Adam Przeworski writes in his book Democratization and Markets  that succesful democratic transitions are born out of agreements between reformers, the old regime and moderates within the opposition.  This does require that the moderates can neutralize or control  the radicals and hardliners within their own group.

In Egypt this didn’t happen.  Underpinning the old regime were the commercial interests and military, an alliance that was broken on July 3rd when the military overthrew the commercial elite and sided with the opposition.  Przeworski would argue that this left Egypt with little to build on and the transition would fall apart. Not sure I agree with the former but he’s dead on with the latter.

The writings of Bates and Przeworski segue nicely to Sam Huntington and Robert Dahl both of whom argue that institutions of government must precede elections and the expanse of participation.  By gradually expanding participation, newcomers to the system cannot destabilize the system due to their small number and thus democracy begins its modernizing affect.

The rush to electoral politics has been felt in Egypt, Libya and in Tunisia as well.  Egypt’s military is better suited to handle the transition to power due to its identity and respect of the people but in order for those to be maintained it must stop the attacks on pro-Morsi demonstrators.  Furthermore the ban on religions that is currently being considered will most likely fail although a mandated separation of religion and politics a la Turkey may be a better alternative.

While Bates, Huntington, Dahl and Przeworski all make solid arguments they seem to ignore that the countries of the Arab Spring face a unique challenge in the age of Youtube and internet news.  When the whole world is watching how can a society slow the race of democracy and individual rights?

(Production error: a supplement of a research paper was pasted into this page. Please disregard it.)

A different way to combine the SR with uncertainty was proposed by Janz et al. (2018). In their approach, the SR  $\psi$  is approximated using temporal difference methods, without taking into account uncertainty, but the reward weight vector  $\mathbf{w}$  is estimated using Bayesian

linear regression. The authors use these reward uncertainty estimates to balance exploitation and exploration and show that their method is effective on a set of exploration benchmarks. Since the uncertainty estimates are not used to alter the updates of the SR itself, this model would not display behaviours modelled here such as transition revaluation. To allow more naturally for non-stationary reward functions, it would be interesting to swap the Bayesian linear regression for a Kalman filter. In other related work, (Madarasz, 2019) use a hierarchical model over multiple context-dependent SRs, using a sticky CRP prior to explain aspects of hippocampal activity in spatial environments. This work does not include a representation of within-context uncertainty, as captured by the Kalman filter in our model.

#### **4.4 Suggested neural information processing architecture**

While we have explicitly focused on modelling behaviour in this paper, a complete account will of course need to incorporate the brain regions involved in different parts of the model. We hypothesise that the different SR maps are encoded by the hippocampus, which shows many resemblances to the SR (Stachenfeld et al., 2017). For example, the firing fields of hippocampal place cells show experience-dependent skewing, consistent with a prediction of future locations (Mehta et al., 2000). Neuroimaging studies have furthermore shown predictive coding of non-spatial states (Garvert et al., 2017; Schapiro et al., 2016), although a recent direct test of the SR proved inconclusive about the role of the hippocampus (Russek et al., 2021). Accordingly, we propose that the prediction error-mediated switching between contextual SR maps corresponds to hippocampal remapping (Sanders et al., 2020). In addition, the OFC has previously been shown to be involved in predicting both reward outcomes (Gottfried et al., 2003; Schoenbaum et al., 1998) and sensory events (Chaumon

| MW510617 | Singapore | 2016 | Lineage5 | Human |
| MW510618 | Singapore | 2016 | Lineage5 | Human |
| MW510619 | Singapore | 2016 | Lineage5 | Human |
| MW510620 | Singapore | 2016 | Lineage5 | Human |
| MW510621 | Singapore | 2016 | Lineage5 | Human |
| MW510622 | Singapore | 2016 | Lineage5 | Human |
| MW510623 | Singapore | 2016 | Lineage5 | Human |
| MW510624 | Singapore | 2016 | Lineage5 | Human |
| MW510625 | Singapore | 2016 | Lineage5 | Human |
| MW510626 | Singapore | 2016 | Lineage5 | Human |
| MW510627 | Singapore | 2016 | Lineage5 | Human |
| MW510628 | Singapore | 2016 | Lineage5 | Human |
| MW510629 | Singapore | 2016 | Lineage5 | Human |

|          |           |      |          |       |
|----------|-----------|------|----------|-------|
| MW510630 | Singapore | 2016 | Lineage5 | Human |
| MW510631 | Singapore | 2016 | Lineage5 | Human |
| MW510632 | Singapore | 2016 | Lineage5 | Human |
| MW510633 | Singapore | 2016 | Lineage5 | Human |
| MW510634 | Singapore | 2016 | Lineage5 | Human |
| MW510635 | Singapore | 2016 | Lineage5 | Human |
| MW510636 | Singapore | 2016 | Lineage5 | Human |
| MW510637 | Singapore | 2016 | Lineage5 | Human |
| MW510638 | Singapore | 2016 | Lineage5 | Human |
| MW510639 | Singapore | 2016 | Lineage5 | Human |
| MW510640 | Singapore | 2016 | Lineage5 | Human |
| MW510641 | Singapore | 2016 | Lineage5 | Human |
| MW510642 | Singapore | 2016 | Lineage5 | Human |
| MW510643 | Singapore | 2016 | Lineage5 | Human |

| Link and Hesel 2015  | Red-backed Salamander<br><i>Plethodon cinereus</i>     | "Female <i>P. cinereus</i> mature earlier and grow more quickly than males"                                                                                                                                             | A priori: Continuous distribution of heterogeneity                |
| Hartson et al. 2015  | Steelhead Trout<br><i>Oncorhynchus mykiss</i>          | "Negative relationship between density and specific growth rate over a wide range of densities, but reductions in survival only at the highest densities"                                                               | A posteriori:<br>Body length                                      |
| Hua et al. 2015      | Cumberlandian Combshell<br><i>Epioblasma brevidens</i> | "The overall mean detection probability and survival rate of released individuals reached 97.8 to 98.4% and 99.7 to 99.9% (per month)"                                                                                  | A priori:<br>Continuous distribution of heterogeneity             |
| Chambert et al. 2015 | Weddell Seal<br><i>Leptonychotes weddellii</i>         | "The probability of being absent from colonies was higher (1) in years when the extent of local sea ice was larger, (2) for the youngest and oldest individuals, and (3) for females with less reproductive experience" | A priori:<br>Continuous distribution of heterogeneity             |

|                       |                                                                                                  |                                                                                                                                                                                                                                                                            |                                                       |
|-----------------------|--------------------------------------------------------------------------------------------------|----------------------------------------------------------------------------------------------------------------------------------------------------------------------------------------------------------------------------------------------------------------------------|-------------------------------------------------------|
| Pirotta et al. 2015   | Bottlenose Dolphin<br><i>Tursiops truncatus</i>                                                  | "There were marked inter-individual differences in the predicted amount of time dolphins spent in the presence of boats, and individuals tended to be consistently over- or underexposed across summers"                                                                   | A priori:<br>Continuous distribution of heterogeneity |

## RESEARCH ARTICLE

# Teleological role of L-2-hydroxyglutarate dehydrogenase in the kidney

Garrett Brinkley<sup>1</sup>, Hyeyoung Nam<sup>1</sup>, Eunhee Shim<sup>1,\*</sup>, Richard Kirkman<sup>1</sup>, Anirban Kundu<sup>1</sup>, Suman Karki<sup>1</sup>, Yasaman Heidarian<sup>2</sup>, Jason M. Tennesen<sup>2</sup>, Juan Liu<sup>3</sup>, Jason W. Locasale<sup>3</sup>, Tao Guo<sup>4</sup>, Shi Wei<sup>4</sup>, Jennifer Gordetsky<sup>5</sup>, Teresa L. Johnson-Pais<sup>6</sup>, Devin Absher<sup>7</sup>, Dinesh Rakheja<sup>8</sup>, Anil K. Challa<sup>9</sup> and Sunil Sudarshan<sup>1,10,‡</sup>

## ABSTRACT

Orcs, Trade & Slaves : The Economics of Mordor

url  You would be hard pressed to complain about the imagination and creativity that went into making Tolkein’s Lord of the Rings trilogy which includes languages, deep and intricate histories and even detailed maps.  However Tolkien was undeniably better at history than economics which brings us to this week’s question….where did the orcs get their food?

As the map above illustrates, Mordor is a farmers nightmare.  Depicted as an ashen wasteland where nothing grows, no rivers run through it and the ground is littered with rocky fissures with little to no rain fall, we can safely assume that Mordor is not an agricultural power house.  With that in mind the Dark Lord must have been trading with an outside power.

url-1                                                                                           In order for the balance of trade to work, Mordor must have something of value to trade as its hard to threaten with an army that someone else feeds.  It’s hard to imagine that the orcs were highly skilled labor, but they could have been exporting swords.  Sauron had mines, and forges so the mass production of swords could easily function as an export good.  Keep in mind that Mordor’s political system is that of a dictatorship, so there’s no need to pay the orcs just keep them fed.  This frees up any capital you might gain from exports to be spent on food supplies, after all even the Dark Lord’s army marches on its stomach.   Trade seems likely for Mordor, orcs farming is odd if not impossible, but it comes with its own difficulties.